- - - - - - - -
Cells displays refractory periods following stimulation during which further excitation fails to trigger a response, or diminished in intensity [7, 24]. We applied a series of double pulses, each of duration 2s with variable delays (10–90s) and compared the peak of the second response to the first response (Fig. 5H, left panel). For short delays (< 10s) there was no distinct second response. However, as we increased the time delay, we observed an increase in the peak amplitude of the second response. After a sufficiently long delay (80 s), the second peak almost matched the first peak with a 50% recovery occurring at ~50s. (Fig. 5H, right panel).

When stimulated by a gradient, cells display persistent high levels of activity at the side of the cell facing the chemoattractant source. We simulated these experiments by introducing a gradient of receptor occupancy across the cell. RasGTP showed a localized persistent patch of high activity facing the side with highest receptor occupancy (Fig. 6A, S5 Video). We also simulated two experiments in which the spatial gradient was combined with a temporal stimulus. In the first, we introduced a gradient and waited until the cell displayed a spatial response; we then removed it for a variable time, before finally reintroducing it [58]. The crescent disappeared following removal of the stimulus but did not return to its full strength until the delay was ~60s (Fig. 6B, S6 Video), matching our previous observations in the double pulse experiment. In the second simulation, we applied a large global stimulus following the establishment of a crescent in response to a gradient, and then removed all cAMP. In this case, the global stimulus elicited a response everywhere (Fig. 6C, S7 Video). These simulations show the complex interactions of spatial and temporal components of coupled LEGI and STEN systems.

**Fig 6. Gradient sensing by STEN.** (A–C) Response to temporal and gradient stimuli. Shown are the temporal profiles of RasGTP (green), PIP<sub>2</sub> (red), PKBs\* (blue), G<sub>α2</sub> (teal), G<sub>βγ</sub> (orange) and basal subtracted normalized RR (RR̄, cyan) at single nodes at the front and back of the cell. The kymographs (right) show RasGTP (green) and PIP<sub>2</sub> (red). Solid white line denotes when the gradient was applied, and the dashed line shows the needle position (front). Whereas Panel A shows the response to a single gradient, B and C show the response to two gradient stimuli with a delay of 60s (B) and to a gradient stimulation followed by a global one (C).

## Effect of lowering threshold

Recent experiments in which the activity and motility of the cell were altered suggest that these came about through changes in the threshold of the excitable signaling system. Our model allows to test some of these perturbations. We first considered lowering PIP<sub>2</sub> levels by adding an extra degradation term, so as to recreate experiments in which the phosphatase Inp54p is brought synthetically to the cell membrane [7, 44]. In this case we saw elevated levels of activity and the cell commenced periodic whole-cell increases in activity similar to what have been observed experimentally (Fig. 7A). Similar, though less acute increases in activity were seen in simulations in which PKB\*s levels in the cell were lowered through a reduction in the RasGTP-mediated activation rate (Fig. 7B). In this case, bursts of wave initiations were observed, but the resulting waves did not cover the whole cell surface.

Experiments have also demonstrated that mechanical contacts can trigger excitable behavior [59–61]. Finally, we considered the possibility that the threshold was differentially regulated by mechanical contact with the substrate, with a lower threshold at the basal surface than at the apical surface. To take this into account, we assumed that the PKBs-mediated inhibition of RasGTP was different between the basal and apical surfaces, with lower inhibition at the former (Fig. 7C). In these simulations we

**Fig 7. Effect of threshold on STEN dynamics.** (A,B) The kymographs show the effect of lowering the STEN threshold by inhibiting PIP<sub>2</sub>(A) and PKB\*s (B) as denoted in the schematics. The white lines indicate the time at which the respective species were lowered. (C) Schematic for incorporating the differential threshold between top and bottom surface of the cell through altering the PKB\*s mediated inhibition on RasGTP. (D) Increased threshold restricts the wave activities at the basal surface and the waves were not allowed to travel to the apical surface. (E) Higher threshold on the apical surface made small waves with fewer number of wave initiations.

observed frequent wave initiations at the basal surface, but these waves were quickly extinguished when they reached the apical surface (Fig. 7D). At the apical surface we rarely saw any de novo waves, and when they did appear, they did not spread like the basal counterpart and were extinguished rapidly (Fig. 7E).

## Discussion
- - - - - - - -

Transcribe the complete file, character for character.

Cells displays refractory periods following stimulation during which further excitation fails to trigger a response, or diminished in intensity [7, 24]. We applied a series of double pulses, each of duration 2s with variable delays (10–90s) and compared the peak of the second response to the first response (Fig. 5H, left panel). For short delays (< 10s) there was no distinct second response. However, as we increased the time delay, we observed an increase in the peak amplitude of the second response. After a sufficiently long delay (80 s), the second peak almost matched the first peak with a 50% recovery occurring at ~50s. (Fig. 5H, right panel).

When stimulated by a gradient, cells display persistent high levels of activity at the side of the cell facing the chemoattractant source. We simulated these experiments by introducing a gradient of receptor occupancy across the cell. RasGTP showed a localized persistent patch of high activity facing the side with highest receptor occupancy (Fig. 6A, S5 Video). We also simulated two experiments in which the spatial gradient was combined with a temporal stimulus. In the first, we introduced a gradient and waited until the cell displayed a spatial response; we then removed it for a variable time, before finally reintroducing it [58]. The crescent disappeared following removal of the stimulus but did not return to its full strength until the delay was ~60s (Fig. 6B, S6 Video), matching our previous observations in the double pulse experiment. In the second simulation, we applied a large global stimulus following the establishment of a crescent in response to a gradient, and then removed all cAMP. In this case, the global stimulus elicited a response everywhere (Fig. 6C, S7 Video). These simulations show the complex interactions of spatial and temporal components of coupled LEGI and STEN systems.

**Fig 6. Gradient sensing by STEN.** (A–C) Response to temporal and gradient stimuli. Shown are the temporal profiles of RasGTP (green), PIP<sub>2</sub> (red), PKBs\* (blue), G<sub>α2</sub> (teal), G<sub>βγ</sub> (orange) and basal subtracted normalized RR (RR̄, cyan) at single nodes at the front and back of the cell. The kymographs (right) show RasGTP (green) and PIP<sub>2</sub> (red). Solid white line denotes when the gradient was applied, and the dashed line shows the needle position (front). Whereas Panel A shows the response to a single gradient, B and C show the response to two gradient stimuli with a delay of 60s (B) and to a gradient stimulation followed by a global one (C).

## Effect of lowering threshold

Recent experiments in which the activity and motility of the cell were altered suggest that these came about through changes in the threshold of the excitable signaling system. Our model allows to test some of these perturbations. We first considered lowering PIP<sub>2</sub> levels by adding an extra degradation term, so as to recreate experiments in which the phosphatase Inp54p is brought synthetically to the cell membrane [7, 44]. In this case we saw elevated levels of activity and the cell commenced periodic whole-cell increases in activity similar to what have been observed experimentally (Fig. 7A). Similar, though less acute increases in activity were seen in simulations in which PKB\*s levels in the cell were lowered through a reduction in the RasGTP-mediated activation rate (Fig. 7B). In this case, bursts of wave initiations were observed, but the resulting waves did not cover the whole cell surface.

Experiments have also demonstrated that mechanical contacts can trigger excitable behavior [59–61]. Finally, we considered the possibility that the threshold was differentially regulated by mechanical contact with the substrate, with a lower threshold at the basal surface than at the apical surface. To take this into account, we assumed that the PKBs-mediated inhibition of RasGTP was different between the basal and apical surfaces, with lower inhibition at the former (Fig. 7C). In these simulations we

**Fig 7. Effect of threshold on STEN dynamics.** (A,B) The kymographs show the effect of lowering the STEN threshold by inhibiting PIP<sub>2</sub>(A) and PKB\*s (B) as denoted in the schematics. The white lines indicate the time at which the respective species were lowered. (C) Schematic for incorporating the differential threshold between top and bottom surface of the cell through altering the PKB\*s mediated inhibition on RasGTP. (D) Increased threshold restricts the wave activities at the basal surface and the waves were not allowed to travel to the apical surface. (E) Higher threshold on the apical surface made small waves with fewer number of wave initiations.

observed frequent wave initiations at the basal surface, but these waves were quickly extinguished when they reached the apical surface (Fig. 7D). At the apical surface we rarely saw any de novo waves, and when they did appear, they did not spread like the basal counterpart and were extinguished rapidly (Fig. 7E).

## Discussion